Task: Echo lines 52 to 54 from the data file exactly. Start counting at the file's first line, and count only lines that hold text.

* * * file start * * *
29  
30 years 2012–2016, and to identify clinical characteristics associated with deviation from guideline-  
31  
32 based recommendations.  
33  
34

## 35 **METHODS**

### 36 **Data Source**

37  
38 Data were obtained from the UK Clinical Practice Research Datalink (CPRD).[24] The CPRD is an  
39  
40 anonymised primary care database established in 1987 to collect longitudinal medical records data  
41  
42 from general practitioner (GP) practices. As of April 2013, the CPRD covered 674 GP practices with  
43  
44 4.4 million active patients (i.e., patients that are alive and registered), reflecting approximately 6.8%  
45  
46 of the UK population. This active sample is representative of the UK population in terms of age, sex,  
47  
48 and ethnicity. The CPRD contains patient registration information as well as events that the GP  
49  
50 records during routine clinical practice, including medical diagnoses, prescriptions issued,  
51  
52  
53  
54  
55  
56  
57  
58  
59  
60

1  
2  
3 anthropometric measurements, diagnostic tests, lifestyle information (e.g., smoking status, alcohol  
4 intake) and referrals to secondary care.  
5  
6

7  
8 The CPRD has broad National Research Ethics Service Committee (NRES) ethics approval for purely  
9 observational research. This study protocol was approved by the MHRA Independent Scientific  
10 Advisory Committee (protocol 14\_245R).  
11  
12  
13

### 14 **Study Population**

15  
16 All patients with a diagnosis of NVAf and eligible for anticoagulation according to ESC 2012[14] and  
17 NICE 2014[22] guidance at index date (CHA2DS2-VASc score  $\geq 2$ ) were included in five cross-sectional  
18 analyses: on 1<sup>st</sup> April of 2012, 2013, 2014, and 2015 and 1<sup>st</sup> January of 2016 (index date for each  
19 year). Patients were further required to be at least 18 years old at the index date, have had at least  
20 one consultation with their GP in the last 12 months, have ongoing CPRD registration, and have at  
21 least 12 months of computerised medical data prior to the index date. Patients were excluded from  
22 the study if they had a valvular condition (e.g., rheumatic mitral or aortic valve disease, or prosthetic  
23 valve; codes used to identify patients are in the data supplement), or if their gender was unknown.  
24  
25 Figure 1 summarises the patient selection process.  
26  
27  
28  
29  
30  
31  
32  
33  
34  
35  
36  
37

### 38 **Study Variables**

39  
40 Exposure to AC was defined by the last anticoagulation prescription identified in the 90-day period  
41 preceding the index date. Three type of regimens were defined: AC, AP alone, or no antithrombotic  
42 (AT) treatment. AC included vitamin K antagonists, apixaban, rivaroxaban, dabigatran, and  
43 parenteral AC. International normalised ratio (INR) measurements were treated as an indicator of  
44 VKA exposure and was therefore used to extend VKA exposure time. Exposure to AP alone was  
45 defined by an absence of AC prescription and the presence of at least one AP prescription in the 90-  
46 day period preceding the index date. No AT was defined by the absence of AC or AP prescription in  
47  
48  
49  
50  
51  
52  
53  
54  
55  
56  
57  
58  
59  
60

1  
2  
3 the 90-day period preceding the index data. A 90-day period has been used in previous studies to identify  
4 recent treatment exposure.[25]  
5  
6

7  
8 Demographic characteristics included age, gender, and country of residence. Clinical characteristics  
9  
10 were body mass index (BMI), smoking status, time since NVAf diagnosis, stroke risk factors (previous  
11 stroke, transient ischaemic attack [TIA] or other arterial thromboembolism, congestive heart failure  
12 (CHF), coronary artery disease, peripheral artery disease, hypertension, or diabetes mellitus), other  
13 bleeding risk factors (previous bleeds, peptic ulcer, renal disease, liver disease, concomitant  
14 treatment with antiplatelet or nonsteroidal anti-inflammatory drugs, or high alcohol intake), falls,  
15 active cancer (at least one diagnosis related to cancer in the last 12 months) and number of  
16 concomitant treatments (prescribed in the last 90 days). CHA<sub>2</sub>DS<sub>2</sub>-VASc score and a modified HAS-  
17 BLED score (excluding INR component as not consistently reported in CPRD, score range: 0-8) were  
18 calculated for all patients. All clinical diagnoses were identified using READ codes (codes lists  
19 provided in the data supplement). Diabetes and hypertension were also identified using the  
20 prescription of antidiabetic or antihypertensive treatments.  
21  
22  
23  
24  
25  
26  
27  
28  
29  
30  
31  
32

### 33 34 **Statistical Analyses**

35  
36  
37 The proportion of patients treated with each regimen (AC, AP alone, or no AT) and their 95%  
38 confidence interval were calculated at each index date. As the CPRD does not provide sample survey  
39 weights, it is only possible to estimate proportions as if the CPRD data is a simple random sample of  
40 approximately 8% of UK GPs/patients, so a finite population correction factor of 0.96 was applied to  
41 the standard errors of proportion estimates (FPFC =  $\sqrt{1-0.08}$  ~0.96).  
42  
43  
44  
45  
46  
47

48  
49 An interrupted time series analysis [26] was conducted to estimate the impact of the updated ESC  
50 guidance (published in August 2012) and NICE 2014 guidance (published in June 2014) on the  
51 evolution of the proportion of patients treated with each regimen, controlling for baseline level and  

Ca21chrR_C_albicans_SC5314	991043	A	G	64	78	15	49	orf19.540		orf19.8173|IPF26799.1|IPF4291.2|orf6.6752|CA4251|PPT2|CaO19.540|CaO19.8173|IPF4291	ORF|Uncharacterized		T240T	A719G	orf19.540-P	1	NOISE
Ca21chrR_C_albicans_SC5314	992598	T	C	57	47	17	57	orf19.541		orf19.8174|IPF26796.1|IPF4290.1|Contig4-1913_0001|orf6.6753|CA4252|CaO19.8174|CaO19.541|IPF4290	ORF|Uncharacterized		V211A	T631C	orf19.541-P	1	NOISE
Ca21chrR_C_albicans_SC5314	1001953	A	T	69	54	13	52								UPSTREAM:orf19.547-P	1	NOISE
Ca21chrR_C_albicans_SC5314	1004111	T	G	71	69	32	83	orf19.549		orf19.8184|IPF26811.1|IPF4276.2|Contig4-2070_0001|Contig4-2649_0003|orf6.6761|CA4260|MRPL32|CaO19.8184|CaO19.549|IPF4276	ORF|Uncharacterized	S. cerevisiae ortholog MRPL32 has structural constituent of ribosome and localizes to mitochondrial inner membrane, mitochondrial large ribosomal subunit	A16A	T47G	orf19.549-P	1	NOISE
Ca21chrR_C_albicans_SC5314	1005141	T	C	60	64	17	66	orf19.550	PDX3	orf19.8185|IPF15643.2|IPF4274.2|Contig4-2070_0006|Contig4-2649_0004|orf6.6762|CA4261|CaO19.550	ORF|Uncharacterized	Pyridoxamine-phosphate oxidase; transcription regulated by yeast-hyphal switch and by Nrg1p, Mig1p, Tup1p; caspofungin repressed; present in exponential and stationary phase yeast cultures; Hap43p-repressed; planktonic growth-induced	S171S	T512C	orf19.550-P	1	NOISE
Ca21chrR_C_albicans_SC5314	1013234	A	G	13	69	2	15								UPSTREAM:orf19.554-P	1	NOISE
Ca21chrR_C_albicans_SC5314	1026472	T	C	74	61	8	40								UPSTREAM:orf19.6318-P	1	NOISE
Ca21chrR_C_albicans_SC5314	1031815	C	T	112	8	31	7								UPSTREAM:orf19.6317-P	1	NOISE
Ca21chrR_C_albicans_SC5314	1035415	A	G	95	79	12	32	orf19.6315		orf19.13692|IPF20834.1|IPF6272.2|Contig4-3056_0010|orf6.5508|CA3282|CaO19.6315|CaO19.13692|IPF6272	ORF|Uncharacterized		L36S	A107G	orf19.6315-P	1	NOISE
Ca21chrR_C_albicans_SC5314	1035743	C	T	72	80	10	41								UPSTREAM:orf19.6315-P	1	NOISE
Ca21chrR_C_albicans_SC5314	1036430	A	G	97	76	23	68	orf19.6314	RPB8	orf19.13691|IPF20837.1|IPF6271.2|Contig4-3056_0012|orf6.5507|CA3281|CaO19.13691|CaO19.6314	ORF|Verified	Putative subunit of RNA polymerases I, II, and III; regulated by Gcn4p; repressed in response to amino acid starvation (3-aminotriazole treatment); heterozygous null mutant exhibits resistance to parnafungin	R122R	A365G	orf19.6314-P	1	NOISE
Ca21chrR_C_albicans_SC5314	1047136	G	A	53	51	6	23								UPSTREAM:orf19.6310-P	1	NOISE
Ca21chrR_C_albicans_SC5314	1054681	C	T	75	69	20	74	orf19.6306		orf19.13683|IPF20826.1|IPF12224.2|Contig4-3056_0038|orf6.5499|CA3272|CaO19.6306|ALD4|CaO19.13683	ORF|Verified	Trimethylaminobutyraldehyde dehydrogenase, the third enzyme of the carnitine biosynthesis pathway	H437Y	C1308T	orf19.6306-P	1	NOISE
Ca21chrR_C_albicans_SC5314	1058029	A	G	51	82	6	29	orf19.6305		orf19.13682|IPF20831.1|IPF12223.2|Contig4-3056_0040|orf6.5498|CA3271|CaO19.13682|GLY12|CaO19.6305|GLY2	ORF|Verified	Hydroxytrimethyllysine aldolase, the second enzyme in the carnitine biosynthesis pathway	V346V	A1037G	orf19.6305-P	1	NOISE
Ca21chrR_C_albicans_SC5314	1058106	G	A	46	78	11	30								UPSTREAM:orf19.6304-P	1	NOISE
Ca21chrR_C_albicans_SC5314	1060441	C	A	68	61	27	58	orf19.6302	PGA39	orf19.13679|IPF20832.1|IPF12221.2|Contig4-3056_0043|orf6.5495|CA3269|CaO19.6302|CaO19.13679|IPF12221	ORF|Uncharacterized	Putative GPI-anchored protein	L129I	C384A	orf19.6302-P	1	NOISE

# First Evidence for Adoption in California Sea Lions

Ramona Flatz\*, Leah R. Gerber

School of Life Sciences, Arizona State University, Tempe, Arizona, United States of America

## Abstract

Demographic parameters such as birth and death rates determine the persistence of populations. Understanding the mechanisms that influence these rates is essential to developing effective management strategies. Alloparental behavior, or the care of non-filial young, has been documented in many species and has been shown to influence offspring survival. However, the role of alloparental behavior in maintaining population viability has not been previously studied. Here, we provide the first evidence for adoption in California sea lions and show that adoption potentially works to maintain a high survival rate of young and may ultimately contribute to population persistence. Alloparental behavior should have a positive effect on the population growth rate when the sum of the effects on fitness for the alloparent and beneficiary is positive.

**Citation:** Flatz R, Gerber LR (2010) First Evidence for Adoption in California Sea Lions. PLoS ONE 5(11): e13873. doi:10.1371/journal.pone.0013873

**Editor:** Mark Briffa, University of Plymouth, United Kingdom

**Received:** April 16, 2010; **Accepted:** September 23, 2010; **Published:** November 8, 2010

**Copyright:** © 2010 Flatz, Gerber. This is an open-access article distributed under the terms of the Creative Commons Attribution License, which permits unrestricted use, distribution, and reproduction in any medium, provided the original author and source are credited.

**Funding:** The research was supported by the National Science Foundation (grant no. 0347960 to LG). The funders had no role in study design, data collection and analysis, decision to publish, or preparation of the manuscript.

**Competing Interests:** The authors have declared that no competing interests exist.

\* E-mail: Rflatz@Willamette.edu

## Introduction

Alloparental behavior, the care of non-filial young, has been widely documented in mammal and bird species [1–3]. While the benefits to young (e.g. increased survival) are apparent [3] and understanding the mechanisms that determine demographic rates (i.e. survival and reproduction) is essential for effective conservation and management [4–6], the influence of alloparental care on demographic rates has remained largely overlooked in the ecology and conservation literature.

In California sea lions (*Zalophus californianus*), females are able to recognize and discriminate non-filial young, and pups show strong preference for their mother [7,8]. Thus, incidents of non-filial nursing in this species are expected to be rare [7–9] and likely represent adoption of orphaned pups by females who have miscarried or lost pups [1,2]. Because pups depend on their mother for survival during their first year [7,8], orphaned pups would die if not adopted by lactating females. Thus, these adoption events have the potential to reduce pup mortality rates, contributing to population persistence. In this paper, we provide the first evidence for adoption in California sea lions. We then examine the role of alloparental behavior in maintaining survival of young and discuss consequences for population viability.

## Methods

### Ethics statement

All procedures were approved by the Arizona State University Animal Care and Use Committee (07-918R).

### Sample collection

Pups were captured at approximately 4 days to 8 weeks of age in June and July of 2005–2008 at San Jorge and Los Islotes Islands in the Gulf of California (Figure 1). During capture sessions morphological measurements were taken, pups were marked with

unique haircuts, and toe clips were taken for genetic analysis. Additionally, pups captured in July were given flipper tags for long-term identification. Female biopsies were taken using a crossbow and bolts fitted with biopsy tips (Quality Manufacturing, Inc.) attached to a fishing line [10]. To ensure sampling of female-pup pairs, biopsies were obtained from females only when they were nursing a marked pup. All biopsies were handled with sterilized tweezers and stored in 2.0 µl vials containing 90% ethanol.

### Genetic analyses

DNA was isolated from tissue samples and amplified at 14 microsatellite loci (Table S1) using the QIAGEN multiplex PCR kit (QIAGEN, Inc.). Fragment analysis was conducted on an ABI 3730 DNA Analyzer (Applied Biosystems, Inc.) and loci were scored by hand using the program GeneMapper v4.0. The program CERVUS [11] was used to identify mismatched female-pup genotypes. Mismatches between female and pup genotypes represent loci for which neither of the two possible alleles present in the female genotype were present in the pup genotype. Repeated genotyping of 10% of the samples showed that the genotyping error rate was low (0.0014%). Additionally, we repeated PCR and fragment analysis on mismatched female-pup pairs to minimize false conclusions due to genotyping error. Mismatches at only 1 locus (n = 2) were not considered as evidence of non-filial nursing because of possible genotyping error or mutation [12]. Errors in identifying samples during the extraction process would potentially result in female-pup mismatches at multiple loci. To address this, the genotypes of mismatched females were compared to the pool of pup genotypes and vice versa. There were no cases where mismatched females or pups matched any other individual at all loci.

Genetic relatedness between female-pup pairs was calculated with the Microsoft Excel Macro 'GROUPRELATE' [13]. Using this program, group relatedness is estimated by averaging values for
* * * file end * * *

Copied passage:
20 one consultation with their GP in the last 12 months, have ongoing CPRD registration, and have at  
21 least 12 months of computerised medical data prior to the index date. Patients were excluded from  
22 the study if they had a valvular condition (e.g., rheumatic mitral or aortic valve disease, or prosthetic  